little_pregnant
   

Find an IVF clinic near you


Chapter 4b
Testing the Man - Semen Analysis

from the book How to Have a Baby: Overcoming Infertility
by Dr. Aniruddha Malpani, MD and Dr. Anjali Malpani, MD.

table of contents · previous page · next page

Fig 2. The anatomy of a sperm

If there are enough sperms. If the sample has less than 20 million sperm per ml, this is considered to be a low sperm count. Less than 10 million is very low. The technical term for this is oligospermia (oligo means few). Some men will have no sperms at all and are said to be azoospermic. This can come as a rude shock because the semen in these patients look absolutely normal - it is only on microscopic examination that the problem is detected.

Whether the sperms are moving well or not (sperm motility). The quality of the sperm is often more significant than the count. Sperm motility is the ability to move. Sperm are of 2 types – those which swim, and those which don’t. Remember that only those sperm which move forward fast are able to swim up to the egg and fertilise it – the others are of little use. Motility is graded from a to d, according to the World Health Organisation ( WHO) Manual criteria , as follows. Grade a ( fast progressive) sperms are those which swim forward fast in a straight line - like guided missiles. Grade b ( slow progressive) sperms swim forward, but either in a curved or crooked line, or slowly (slow linear or non linear motility) . Grade c ( nonprogressive) sperms move their tails, but do not move forward ( local motility only). Grade d ( immotile ) sperms do not move at all . Sperms of grade c and d are considered poor. Why do we worry about poor motility ? If motility is poor, this suggests that the testis is producing poor quality sperm and is not functioning properly – and this may mean that even the apparently motile sperm may not be able to fertilise the egg.

Whether the sperms are normally shaped or not - what is called their form or morphology. Ideally, a good sperm should have a regular oval head, with a connecting mid-piece and a long straight tail. If too many sperms are abnormally shaped (round heads; pin heads; very large heads; double heads; absent tails) this may mean the sperm are abnormal and will not be able to fertilise the egg. Many labs use Kruger "strict " criteria ( developed in South Africa ) for judging sperm normality. Only sperm which are "perfect" are considered to be normal. A normal sample should have at least 15% normal forms ( which means even upto 85% abnormal forms is considered to be acceptable !)

Sperm clumping or agglutination. Under the microscope, this is seen as the sperms sticking together to one another in bunches. This impairs sperm motility and prevents the sperms from swimming upto through the cervix towards the egg.

Putting it all together, one looks for the total number of "good" sperms in the sample - the product of the total count, the progressively motile sperm and the normally shaped sperm. This gives the progressively motile normal sperm count which is a crude index of the fertility potential of the sperm. Thus, for example, if a man has a total count of 40 million sperm per ml; of which 40% are progressively motile; and 60% are normally shaped; then his progressively motile normal sperm count is : 40 X 0.40 X 0.60 = 9.6 million sperm per ml. If the volume of the ejaculate is 3 ml, then the total motile sperm count in the entire sample is 9.6 X 3 = 28.8 million sperm.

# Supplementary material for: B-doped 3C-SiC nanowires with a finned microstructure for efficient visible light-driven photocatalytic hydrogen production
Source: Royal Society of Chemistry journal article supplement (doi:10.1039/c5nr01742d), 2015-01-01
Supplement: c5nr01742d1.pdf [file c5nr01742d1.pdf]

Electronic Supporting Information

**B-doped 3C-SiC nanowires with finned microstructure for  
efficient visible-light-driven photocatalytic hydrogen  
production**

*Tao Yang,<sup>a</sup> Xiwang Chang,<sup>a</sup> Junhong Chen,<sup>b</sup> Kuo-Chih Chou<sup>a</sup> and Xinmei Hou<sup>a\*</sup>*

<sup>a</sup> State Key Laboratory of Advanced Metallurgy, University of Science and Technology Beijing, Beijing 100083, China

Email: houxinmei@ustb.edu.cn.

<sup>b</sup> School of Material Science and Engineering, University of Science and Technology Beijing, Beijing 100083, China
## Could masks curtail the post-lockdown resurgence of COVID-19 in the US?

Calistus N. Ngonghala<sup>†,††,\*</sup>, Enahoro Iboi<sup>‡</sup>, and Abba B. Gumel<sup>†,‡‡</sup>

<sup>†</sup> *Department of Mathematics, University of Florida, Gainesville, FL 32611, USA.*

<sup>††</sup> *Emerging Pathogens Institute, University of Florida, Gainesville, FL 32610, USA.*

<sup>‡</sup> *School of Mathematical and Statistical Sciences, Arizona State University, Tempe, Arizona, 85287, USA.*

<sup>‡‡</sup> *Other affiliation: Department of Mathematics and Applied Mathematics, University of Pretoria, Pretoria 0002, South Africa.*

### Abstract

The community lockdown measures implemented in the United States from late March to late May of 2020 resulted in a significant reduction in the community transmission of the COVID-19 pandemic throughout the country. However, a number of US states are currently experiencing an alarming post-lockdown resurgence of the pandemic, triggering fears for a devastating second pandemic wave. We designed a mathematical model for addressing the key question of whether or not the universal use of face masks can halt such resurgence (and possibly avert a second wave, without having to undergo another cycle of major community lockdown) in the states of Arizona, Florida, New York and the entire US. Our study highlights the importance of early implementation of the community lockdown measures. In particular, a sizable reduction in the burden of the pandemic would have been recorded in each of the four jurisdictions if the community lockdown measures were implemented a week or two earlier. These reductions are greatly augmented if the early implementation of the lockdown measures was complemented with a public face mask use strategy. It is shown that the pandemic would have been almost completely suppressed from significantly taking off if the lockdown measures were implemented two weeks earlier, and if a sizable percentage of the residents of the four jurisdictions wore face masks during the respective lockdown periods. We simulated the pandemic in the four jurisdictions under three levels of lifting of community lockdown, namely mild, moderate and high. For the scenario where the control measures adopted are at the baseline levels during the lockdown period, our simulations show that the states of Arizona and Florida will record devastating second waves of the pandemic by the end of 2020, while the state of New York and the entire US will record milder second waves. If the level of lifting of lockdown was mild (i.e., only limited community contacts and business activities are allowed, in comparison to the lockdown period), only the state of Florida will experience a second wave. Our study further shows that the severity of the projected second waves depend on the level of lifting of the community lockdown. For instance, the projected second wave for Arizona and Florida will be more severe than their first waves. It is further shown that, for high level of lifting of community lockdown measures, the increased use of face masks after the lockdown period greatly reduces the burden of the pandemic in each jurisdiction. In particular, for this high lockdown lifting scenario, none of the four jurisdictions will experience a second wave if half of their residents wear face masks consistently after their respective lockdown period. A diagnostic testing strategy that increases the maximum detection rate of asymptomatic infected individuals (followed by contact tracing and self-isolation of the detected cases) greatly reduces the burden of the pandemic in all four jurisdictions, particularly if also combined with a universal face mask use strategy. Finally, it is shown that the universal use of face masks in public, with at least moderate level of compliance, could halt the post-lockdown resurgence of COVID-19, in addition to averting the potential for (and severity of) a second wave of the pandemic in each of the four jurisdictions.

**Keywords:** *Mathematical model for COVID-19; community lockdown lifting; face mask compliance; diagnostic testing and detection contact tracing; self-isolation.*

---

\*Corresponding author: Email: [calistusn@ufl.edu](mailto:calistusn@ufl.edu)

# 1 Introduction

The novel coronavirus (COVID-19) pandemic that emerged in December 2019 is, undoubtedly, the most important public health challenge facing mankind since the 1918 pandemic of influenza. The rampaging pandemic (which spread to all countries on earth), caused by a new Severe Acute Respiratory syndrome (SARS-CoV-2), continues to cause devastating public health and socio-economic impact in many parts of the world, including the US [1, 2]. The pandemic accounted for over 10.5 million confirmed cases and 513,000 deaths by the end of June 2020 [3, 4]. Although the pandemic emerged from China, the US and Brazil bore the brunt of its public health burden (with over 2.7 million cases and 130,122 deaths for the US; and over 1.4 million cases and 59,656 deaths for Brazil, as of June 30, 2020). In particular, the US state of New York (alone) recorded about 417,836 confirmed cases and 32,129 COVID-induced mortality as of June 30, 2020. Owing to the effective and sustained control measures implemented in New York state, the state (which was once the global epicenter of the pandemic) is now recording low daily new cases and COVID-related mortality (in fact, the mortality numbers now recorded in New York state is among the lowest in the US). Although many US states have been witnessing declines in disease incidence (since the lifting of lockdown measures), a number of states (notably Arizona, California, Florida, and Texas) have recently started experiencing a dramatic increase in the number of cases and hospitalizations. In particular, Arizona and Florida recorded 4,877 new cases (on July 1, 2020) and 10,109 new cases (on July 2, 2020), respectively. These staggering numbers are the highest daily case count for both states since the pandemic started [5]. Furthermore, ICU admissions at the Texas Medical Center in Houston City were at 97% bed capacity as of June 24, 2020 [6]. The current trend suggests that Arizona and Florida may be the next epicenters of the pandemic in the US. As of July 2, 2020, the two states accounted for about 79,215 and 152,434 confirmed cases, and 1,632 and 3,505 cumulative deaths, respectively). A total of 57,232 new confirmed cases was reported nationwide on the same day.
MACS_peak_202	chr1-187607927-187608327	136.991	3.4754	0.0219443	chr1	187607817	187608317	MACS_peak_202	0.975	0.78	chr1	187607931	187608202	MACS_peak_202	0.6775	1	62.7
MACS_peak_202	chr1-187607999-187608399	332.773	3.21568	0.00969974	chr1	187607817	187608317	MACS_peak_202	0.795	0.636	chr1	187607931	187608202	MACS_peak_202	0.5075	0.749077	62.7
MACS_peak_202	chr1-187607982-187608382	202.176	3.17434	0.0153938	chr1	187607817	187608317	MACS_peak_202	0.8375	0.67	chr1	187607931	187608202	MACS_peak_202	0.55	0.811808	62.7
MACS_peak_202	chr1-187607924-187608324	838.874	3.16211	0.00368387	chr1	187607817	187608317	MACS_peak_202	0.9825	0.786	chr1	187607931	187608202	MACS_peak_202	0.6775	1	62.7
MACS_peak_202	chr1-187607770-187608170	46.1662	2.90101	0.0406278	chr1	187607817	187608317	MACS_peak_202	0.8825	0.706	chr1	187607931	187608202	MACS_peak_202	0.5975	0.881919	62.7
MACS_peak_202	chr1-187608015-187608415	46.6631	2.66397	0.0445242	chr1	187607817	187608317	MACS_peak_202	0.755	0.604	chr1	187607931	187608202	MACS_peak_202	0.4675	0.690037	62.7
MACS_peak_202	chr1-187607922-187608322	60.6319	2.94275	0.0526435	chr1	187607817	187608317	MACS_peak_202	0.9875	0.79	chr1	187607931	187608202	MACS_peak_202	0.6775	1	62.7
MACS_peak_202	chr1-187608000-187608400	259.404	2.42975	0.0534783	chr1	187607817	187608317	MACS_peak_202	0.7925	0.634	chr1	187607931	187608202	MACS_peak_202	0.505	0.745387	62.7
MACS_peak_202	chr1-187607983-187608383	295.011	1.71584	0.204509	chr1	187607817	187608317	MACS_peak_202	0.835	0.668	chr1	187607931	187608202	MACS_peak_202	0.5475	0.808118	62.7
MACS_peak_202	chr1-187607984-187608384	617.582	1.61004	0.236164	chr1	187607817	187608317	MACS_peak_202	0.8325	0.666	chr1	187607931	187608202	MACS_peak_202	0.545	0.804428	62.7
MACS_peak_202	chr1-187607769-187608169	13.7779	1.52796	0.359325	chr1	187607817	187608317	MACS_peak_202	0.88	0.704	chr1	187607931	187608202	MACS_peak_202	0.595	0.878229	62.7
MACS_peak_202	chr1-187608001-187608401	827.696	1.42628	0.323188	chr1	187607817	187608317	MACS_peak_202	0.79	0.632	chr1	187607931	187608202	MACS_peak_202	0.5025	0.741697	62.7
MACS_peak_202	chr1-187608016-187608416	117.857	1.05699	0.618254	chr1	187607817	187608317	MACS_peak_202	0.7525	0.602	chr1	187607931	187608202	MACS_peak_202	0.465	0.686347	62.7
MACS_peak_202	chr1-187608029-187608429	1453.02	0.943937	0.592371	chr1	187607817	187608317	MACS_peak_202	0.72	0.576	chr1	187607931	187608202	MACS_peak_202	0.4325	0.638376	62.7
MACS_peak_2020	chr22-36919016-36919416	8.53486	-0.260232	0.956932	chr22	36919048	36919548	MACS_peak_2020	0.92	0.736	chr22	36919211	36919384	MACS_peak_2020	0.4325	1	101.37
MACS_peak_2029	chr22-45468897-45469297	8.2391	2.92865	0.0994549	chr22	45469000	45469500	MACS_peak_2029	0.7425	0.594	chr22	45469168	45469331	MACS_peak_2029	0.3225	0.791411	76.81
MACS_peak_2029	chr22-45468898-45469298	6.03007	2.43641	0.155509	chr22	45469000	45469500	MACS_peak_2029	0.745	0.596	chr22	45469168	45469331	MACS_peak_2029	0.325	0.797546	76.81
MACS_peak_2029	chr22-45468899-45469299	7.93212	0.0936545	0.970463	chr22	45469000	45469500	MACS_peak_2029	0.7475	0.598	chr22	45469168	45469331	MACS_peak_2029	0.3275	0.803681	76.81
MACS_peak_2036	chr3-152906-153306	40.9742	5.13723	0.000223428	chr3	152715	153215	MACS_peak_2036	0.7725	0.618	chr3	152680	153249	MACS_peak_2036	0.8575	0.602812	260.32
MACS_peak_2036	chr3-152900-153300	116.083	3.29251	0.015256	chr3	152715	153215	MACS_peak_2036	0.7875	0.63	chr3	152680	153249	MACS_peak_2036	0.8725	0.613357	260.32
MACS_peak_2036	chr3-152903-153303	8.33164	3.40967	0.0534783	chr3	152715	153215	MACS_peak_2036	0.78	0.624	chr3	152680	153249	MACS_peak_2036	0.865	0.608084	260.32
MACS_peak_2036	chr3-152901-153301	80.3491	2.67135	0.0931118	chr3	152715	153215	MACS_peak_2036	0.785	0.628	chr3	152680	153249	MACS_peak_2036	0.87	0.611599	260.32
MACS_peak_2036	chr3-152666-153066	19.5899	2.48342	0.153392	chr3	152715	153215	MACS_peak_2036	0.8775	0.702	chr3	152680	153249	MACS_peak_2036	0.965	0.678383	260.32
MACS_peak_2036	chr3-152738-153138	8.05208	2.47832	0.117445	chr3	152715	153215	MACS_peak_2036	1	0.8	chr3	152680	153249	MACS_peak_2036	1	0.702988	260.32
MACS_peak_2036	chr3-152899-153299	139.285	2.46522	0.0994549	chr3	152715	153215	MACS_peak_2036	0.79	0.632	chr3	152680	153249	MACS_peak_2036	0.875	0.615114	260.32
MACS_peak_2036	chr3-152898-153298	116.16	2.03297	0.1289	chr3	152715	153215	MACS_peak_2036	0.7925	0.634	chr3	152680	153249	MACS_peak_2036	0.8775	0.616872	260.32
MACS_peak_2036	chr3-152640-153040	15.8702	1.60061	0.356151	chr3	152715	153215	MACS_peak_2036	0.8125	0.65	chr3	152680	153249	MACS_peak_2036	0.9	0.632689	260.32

Whether pus cells are present or not. While a few white blood cells in the semen is normal, many pus cells suggests the presence of seminal infection.

Some labs use a computer to do the semen analysis. This is called CASA, or computer assisted semen analysis. While it may appear to be more reliable ( because the test has been done "objectively" by a computer), there are still many controversies about its real value, since many of the technical details have not been standardised, and vary from lab to lab.

A normal sperm report is reassuring, and usually does not need to be repeated. If the semen analysis is normal, most doctors will not even need to examine the man, since this is then superfluous. However, remember that just because the sperm count and motility are in the normal range, this does not necessarily mean that the man is "fertile". Even if the sperm display normal motility, this does not always mean that they are capable of "working" and fertilising the egg. The only foolproof way of proving whether the sperm work is by doing IVF ( in vitro fertilisation)!

Poor sperm tests can results from:

  • incorrect semen collection technique, if the sample is not collected properly, or if the container is dirty
  • too long a time delay between providing the sample and its testing in the laboratory
  • too short an interval since the previous ejaculation
  • recent systemic illness in the last 3 months (even a flu or a fever can temporarily depress sperm counts)

If the sperm test is abnormal, this will need to be repeated 3-4 times over a period of 3-6 months to confirm whether the abnormality is persistent or not. Don’t jump to a conclusion based on just one report - remember that sperm counts do tend to vary on their own! It takes six weeks for the testes to produce new sperm - which is why you need to wait before repeating the test. It also makes sense to repeat it from another laboratory, to ensure that the report is valid.

What if the sperm count is persistently poor ? Then other tests may be advised, to try to pinpoint what the problem is; and these are described in the next chapter.

by Dr. Aniruddha Malpani, MD and Dr. Anjali Malpani, MD.

previous page · next page

 


Copyright 2001-2017 Internet Health Resources
About Us